"Get on Twitter" is not a social media strategy

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While some marketers believe a presence on Twitter/Facebook/LinkedIn is all that matters toward building a social media presence, this White Paper shows the proper first steps toward creating a much more involved and intelligent strategy that helps their social media efforts integrate with the overall brand seamlessly. The paper speaks to audience analysis, consistency, the meaning of ROI in a social media setting and more.

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"Get on Twitter" is not a social media strategy

  1. 1. “Get on twitter” is not a social media strateGy: Planning better brand conversations in a new universe. I start with a confession. I am a Twitteraholic. I’ve been hooked on Twitter for more days than I can remember. I even hate myself for not being able to look away from my TweetDeck of followers and people I’m following because, well, I kind of have to get some other work done. In other words, I’m a fan. But I also realize that there is much more entailed with building a true social media strategy and I think some folks are missing the point if they feel that just being on certain sites like Twitter and Facebook is how a brand automatically grows. Not so. Worse yet, you probably have some people from within or outside consultants saying, “We need social media!” or “We need to be on Twitter!” or “We need to be on Facebook!” or several other methods. But they aren’t explaining why you need to be on those things. Why, because everyone else is doing it? That’s kind of a lousy strategy. And what will you do once you are on some of these sites? Just talk about yourself? That’s not a particularly good way to establish a relationship. So you get social media is important, but you don’t understand all the areas of it that have relevancy to you, how to fully harness its potential in relation to your brand and how to tie it back to the concepts you may be more comfortable with, like customer satisfaction, customer retention, ROI and brand loyalty. Am I anywhere near the challenge you’re facing? If you are challenged by any of the above, you have good company. In a survey released earlier this year by the Marketing Executives Networking Group (MENG) and Anderson Analytics, 67% of executive marketers consider themselves beginners when it comes to using social media for marketing purposes.1 For the time being, let’s not talk of what type of social media you need to use. Considering this or that technique before appreciating what motivates your audience is not the right way to approach brand building, whether you use social media or not. Put another way, it’s like a doctor making a diagnosis before he or she knows the patient’s symptoms. Let’s talk about a better way to build a more customizable social media plan. 1 “Marketing Executives Networking Group Releases Second Annual Top Marketing Trends for 2009,” MENG, January 2009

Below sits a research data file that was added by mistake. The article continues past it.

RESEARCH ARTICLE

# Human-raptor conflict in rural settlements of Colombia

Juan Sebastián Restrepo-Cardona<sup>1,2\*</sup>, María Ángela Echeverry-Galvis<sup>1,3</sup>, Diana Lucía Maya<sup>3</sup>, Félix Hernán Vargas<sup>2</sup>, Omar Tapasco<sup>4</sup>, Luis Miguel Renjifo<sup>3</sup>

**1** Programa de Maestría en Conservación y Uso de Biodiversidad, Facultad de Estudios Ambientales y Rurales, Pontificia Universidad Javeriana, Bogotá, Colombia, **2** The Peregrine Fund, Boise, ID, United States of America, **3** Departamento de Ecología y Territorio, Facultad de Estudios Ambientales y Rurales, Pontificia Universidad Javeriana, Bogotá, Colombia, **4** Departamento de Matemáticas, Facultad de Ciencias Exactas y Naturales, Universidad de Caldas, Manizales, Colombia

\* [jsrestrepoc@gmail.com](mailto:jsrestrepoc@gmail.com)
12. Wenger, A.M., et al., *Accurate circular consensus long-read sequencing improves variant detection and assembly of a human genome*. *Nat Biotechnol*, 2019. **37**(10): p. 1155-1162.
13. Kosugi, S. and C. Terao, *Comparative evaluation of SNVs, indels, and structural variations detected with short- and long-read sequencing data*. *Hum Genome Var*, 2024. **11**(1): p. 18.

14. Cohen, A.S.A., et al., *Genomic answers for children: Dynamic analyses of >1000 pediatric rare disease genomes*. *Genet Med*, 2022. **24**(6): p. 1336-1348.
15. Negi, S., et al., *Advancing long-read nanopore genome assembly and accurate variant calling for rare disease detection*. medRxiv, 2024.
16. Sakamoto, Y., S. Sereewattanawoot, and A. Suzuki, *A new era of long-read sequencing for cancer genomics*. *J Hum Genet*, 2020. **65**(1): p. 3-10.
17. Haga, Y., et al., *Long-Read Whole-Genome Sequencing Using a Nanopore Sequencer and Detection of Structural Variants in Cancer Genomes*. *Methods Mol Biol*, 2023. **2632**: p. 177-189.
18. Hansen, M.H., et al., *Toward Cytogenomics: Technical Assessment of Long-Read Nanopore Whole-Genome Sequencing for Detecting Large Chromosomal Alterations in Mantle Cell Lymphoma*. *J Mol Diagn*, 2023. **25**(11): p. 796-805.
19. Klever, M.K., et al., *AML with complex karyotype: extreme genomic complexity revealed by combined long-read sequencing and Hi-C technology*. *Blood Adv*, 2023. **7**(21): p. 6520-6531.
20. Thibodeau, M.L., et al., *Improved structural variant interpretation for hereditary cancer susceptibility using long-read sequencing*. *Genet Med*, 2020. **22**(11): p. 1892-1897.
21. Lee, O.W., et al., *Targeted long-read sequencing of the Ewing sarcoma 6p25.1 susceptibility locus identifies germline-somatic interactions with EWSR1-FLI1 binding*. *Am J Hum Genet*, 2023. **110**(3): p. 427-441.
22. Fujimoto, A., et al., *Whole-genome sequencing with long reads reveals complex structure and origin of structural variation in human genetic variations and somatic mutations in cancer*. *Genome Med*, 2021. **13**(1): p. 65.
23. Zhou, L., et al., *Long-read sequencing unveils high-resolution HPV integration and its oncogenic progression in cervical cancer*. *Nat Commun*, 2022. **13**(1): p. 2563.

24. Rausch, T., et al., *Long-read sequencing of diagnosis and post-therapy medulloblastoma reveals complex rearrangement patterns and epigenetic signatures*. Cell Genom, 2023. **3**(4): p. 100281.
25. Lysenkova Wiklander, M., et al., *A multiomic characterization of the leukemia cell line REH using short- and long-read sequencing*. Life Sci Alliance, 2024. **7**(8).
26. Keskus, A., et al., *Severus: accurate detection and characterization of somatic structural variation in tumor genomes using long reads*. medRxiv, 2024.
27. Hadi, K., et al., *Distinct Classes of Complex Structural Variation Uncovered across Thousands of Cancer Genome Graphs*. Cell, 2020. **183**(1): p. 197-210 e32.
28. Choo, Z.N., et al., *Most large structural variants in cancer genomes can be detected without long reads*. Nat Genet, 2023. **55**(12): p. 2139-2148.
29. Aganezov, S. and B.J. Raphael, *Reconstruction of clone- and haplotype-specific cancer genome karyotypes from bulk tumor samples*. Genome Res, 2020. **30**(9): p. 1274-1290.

2. 2. 1) social media is not all about you. It’s “social” media. Not “selling” media. In other words, there’s a difference between the social media realm vs. advertising. What is the difference? If you aren’t interested in having a conversation with potential customers, existing customers and colleagues and instead want to go with hard sell advertising, well, there’s a place for that. But this isn’t really it. You run an outdoor recreation store and want to make a small microblog post that this weekend you’re running a special on snowshoes? Go for it. But don’t make “selling” the only focus of your existence, regardless of where your social media presence is. This is an opportunity to get an opinion on the issues your audience is facing and to hear it in their own words. 2) think about your target audience and how they use social media (if they do). You do this for other forms of media, don’t you (I hope)? Remember, the term “social media” can refer to a lot of different things, not just Twitter. What has prior research told you about how your audience uses and interacts with one another on the web? Has research suggested that they use many different forms of social media, such as blogging/commenting on blogs, text messaging, photo sharing on Flickr and more? How often do they do this? What time of day do they do this? Which methods do they seem to be gravitating towards and which ones do they shy away from? 3) How do you plan on conversing/sharing info with audiences in these realms? I don’t believe every single comment you convey to the world in the social realm has to be planned out like a speech. Because that’s not really the way human beings talk naturally. We engage with one another. We talk like people, not corporations. But when we do talk, why do we stay interested? Because the other person is giving us something of value. Think about it in this way. Ask yourself: “If I’m going to be on (SOCIAL MEDIA OUTLET HERE), what sort of information do I want to give my audience that will be of value to them in return?” Remember, it’s about 2-way communication. You’re not shouting news from a mountaintop down to a community below with a bullhorn. Things that interest them need to be of interest to you and commented upon by you. Be ready to give and receive. 4) Just because it’s popular doesn’t mean it’s right for your brand. Of course many, many people are working themselves into a lather over Twitter — and in some cases, rightfully so. It’s a great tool and may very well be right for you. However, before you run into someone else’s office and say, “Get us up on Twitter now,” take a step back. Breathe. Realize that what you want before the type of technology you choose is the fact that you want a direction that makes sense for your target audience (which we’ve done above) and a strong Return on Investment (which we’ll talk about shortly).